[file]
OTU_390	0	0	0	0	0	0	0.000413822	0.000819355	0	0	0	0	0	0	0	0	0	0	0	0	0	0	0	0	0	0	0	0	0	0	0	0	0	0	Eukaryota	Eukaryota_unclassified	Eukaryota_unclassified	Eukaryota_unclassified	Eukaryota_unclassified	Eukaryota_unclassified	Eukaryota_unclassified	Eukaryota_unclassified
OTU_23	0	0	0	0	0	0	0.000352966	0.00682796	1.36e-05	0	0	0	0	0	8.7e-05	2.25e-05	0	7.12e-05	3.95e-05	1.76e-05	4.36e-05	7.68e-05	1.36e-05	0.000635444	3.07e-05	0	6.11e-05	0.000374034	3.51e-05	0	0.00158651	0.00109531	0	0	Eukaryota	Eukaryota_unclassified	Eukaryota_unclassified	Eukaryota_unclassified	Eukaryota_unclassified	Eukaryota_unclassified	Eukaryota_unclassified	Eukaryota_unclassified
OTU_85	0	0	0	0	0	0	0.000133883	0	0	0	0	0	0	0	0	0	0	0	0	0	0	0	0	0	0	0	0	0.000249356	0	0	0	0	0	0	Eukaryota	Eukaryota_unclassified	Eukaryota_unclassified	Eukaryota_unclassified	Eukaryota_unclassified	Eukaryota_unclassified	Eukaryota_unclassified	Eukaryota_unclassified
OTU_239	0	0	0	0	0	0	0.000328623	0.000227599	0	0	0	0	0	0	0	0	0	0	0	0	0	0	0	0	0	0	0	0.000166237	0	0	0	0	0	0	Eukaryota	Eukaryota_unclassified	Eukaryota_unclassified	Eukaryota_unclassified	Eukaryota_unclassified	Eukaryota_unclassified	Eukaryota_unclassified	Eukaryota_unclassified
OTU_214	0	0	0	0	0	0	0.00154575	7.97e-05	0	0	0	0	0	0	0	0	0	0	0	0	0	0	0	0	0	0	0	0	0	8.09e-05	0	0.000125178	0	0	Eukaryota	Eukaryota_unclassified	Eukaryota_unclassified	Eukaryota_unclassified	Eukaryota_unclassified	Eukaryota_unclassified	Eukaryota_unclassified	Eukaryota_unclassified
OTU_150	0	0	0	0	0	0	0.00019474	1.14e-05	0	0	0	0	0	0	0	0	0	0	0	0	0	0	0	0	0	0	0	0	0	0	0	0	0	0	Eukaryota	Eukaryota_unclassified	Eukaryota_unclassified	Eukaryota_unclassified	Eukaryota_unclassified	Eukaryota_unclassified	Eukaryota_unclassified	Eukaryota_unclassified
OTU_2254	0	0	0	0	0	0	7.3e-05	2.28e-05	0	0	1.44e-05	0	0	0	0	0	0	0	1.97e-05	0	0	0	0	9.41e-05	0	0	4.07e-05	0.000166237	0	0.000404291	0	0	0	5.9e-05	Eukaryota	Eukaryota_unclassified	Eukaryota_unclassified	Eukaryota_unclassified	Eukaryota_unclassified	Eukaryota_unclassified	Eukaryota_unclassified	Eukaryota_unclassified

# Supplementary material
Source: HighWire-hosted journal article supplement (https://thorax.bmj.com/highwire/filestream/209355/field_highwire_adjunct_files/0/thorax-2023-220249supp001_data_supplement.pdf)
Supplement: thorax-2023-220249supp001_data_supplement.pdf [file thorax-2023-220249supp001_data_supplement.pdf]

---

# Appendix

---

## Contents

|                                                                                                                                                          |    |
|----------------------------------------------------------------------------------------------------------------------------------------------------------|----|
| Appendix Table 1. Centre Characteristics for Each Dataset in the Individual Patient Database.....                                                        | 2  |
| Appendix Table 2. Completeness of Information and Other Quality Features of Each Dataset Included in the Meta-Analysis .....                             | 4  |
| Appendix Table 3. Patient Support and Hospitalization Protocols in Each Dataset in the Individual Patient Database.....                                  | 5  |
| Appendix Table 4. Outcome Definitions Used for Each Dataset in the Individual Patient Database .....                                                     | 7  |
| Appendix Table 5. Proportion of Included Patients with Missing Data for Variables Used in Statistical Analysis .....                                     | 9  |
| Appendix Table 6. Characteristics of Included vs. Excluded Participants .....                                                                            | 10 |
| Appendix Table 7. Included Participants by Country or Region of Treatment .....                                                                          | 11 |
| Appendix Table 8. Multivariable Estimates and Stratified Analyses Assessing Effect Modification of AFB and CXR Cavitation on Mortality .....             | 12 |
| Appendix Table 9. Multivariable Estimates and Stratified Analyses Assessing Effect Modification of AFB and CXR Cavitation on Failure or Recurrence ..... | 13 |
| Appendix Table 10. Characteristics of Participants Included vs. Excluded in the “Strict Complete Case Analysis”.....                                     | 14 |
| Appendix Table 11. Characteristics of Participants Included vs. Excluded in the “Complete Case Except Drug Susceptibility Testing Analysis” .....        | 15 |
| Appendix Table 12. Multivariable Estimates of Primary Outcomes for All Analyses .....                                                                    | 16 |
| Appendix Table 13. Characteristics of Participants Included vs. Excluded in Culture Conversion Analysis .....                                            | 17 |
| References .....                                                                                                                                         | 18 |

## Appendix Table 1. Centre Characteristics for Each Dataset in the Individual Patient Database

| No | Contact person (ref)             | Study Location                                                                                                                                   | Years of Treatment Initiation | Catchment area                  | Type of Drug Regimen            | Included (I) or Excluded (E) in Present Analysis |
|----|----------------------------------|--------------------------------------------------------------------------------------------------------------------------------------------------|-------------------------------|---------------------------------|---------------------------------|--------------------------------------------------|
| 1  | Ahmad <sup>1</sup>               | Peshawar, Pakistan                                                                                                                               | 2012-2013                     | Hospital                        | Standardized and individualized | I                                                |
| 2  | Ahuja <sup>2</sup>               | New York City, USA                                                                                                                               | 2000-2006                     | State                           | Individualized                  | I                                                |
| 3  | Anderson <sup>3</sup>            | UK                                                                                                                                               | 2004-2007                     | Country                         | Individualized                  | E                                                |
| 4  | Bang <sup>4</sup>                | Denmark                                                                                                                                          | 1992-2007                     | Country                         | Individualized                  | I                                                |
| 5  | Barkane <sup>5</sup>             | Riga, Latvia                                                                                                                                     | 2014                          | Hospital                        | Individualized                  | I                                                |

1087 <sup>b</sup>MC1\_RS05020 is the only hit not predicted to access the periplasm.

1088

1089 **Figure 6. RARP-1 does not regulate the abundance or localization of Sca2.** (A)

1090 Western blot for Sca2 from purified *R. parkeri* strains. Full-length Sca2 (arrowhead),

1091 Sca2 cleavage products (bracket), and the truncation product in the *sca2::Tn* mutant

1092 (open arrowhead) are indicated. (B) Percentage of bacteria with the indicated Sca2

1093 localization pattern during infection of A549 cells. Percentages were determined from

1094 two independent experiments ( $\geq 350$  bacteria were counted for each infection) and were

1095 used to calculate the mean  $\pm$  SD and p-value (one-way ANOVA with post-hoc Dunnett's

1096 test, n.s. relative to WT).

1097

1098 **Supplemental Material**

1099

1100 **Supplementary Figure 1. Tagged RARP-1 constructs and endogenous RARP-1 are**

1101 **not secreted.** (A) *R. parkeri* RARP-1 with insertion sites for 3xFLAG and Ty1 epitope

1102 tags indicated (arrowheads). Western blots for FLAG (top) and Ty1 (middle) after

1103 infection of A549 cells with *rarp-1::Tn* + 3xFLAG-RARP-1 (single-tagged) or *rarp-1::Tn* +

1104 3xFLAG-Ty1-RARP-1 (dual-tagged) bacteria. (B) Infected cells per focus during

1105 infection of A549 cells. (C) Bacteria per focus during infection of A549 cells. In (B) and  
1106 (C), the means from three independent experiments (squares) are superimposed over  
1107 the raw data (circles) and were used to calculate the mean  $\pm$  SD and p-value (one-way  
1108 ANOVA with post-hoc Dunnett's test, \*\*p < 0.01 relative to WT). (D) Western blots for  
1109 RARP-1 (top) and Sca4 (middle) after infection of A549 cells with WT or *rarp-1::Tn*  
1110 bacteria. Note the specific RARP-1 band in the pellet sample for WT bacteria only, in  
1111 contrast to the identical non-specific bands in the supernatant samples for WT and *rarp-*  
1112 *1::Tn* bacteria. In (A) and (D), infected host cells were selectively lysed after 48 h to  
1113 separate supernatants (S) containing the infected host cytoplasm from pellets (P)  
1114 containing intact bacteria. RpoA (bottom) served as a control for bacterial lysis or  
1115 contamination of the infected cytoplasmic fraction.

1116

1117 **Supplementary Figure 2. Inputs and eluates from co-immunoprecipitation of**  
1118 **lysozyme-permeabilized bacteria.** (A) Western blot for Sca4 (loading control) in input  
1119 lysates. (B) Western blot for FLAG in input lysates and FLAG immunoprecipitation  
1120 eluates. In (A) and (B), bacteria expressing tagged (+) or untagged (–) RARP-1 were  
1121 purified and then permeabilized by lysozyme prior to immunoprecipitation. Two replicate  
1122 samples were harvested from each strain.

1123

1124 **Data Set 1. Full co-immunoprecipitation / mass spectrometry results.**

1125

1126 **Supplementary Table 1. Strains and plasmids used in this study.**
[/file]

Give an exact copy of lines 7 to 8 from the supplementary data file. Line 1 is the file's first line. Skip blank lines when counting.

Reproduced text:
OTU_2254	0	0	0	0	0	0	7.3e-05	2.28e-05	0	0	1.44e-05	0	0	0	0	0	0	0	1.97e-05	0	0	0	0	9.41e-05	0	0	4.07e-05	0.000166237	0	0.000404291	0	0	0	5.9e-05	Eukaryota	Eukaryota_unclassified	Eukaryota_unclassified	Eukaryota_unclassified	Eukaryota_unclassified	Eukaryota_unclassified	Eukaryota_unclassified	Eukaryota_unclassified

# Supplementary material